Breaking the Cycle of Arthritis Pain

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A look behind the protocol that drives Burke Rehabilitation Hospital’s Arthritis Center.

by Bento Mascarenhas, MD, FACP, FACR, William Siegel, PT, DPT, Cert MDT, and Sudhir Vaidya, MD

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With more than 100 types of arthritis, affecting more than 46 million Americans, arthritis is a serious condition that does not have a one-size-fits-all solution. Treatments designed to be effective for specific types of arthritis are of strong importance among the millions of individuals affected by the condition, including those who still work. As a medical rehabilitation hospital that provides therapy for those who have had knee and hip replacements—some of which are made necessary by the effects of arthritis—Burke Rehabilitation Hospital opened the Arthritis Center in 1986 to help patients potentially avoid having joints replaced, and to help them resume a productive and active lifestyle.

The Arthritis Center provides a comprehensive, multidisciplinary medical and therapeutic program for patients affected by various types of arthritis, including: rheumatoid arthritis, osteoarthritis, psoriatic arthritis, ankylosing spondylitis, lupus, myopathies, vasculitis, and other musculoskeletal disorders and connective tissue disease. The center offers numerous therapies that focus on pain relief, control of inflammation, management of medication, and improvement of function and independence. These include warm water pool therapy, special exercises, and a variety of drug regimens, which are important components of treatment.

The Arthritis Center serves nearly 1,800 patients annually, most commonly those individuals affected by osteoarthritis and rheumatoid arthritis, the two most common types of arthritis.

Osteoarthritis is a degenerative form of the disease and affects large joints such as the knees, hips, shoulders, spine, and back. Rheumatoid arthritis, in contrast, is an immunological condition, and affects the peripheral joints. Because each of the many types of arthritis is different, patients undergo a thorough evaluation with Burke’s rheumatologist to receive a proper diagnosis. A physician at Burke performs a physical exam, takes a detailed history of the patient, and also orders tests as necessary to find the root cause of pain. Once the arthritis type is determined, an individualized treatment is put in place to address the cause of the pain. Younger patients diagnosed with rheumatoid arthritis will typically receive a more aggressive treatment to help them resume activities and continue to work as long as they desire. The goal of the Arthritis Center is to increase patients’ mobility and function, enabling them to work and live active lives.

Physical Therapy
The Arthritis Center works closely with the Burke outpatient physical therapy department. Burke’s physical therapists provide modalities and therapeutic exercises to increase patient comfort and to manage symptoms. Exercise is a tool used to restore function, to decrease stiffness, and even as a pain reduction technique. Many people who suffer from osteoarthritis may decrease their physical activity to avoid further pain. However, exercising with proper guidance can actually relieve pain. By increasing muscle health and joint mobility, stiffness and pain can be reduced.

Osteoarthritis usually responds well to weight-bearing activities, which are essential for building and maintaining healthy bones. With weight-bearing activities, bones in the body become stronger and more dense. The risks of fracture, osteopenia, and osteoporosis can all be decreased with a healthy skeletal system. Research has shown that exercise can increase joint mobility and decrease pain. Symptoms must still be respected, and water-based therapy is a viable alternative for those with an intolerance for land-based exercise. To help accommodate such cases, Burke has a warm-water therapeutic pool. The water provides buoyancy, which allows for a reduction in joint loading. The combination of warm water and decreased loading on the joints allows a person to exercise without the pain that might otherwise be felt by performing land-based activities.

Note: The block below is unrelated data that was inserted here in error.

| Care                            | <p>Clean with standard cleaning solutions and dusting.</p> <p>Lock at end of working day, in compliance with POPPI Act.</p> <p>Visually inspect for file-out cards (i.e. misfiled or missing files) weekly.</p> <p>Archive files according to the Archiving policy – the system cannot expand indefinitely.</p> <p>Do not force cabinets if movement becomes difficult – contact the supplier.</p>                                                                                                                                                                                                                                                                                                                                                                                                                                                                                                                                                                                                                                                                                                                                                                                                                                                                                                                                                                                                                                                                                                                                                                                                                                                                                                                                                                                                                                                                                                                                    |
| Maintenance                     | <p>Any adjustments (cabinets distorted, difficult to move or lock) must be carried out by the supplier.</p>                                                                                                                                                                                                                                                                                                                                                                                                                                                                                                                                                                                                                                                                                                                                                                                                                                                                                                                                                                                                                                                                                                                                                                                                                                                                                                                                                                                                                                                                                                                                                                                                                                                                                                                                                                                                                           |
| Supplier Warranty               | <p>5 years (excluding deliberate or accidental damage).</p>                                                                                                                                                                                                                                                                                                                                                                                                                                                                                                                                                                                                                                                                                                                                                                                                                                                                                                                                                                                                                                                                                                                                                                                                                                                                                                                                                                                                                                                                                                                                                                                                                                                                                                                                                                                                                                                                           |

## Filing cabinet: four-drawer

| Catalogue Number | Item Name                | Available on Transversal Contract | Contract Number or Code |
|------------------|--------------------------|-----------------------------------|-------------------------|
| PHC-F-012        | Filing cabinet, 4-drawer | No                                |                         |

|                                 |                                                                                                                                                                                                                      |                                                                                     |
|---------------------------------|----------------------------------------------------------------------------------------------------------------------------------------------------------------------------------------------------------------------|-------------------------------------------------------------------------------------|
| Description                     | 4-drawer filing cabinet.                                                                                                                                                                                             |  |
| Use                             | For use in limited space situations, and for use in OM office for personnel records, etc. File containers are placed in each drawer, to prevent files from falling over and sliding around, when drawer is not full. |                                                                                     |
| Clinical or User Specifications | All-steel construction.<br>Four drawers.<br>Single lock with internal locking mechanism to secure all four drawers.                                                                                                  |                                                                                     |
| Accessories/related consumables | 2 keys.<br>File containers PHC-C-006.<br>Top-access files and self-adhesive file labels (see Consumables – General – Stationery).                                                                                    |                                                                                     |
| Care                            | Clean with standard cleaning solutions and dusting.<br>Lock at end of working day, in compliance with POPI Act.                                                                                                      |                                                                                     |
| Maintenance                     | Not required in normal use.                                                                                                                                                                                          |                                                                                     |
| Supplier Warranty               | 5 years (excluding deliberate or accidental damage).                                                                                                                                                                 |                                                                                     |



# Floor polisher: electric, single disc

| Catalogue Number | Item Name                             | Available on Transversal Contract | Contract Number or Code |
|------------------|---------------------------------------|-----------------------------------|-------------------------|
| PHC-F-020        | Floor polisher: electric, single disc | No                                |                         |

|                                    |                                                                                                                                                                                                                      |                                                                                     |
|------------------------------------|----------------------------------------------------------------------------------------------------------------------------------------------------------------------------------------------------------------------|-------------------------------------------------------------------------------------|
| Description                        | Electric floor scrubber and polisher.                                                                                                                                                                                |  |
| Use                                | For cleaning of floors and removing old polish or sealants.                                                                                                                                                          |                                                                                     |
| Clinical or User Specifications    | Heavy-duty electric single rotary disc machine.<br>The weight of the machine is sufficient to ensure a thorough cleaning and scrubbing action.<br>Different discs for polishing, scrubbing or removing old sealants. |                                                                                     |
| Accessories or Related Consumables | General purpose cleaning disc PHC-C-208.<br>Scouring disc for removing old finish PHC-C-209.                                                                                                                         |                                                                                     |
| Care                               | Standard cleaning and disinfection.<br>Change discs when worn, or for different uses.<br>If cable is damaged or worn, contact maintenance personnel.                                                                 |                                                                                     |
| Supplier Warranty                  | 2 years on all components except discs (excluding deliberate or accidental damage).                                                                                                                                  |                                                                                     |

In addition to patient-specific exercises, Burke provides several modalities to increase circulation and relax muscles. Low-level laser therapy or cold laser is used to increase cellular activity, helping to aid in healing tissue and decreasing pain. Transcutaneous electrical nerve stimulation (TENS) is used to treat neuropathic pain, which typically occurs when bone deformities or swelling presses against nerves. Select forms of TENS also have been shown to decrease hand pain in rheumatoid arthritis patients, reducing pain intensity and improving muscle power by decreasing pain and tenderness in the joint. Additional forms of TENS have exhibited clear clinical benefits during patient assessment of change in disease.1

Therapeutic tape2 can be applied to assist with circulation, joint movement, and muscle and posture re-education. Therapeutic taping methods provide support and stability to joints and muscles by activating the neurological and circulatory systems. Stemming from kinesiology or the study of human movement, this method follows the concept that muscles not only control the movement of the body but also the circulation of venous and lymph flows. Therefore, if the muscles do not function properly, various symptoms including pain can result.

Topicals such as anti-inflammatory creams and lotions used as an adjunct for chronic pain also have been found to have limited benefit, but there are many studies currently under way to further test their effectiveness. Of all the agents used, capsaicin-based products have shown promise in good studies. There is more research needed in this area.

Iontophoresis is the noninvasive transport of medication through the skin using direct electric current. The treatment is based on the premise that an electrical charge will repel a substance with a similar charge and direct those substances into the skin. Substances with a positive charge can be introduced into the skin and mucous membranes of the body with a positive electrode. Those with a negative charge can be introduced by the negative electrode. Common uses of iontophoresis by physical therapists can include, but are not limited to, the treatment of inflammatory conditions, such as arthritis; edema; and topical anesthesia of the skin. Clinical applications of iontophoresis can be for the treatment of tennis elbow, Achilles tendinitis, or bone spurs of the shoulder.

The most common substances used with iontophoresis are acetic acid, Decadron, and Xylocaine. Acetic acid with its negatively charged ion acetate is commonly used to treat calcium deposits such as bone spurs found in the shoulder. Decadron with its positively charged ion dexamethasone is used for the treatment of inflammatory conditions such as tendinitis. Xylocaine, with its positively charged ion lidocaine, can be used as an anesthetic.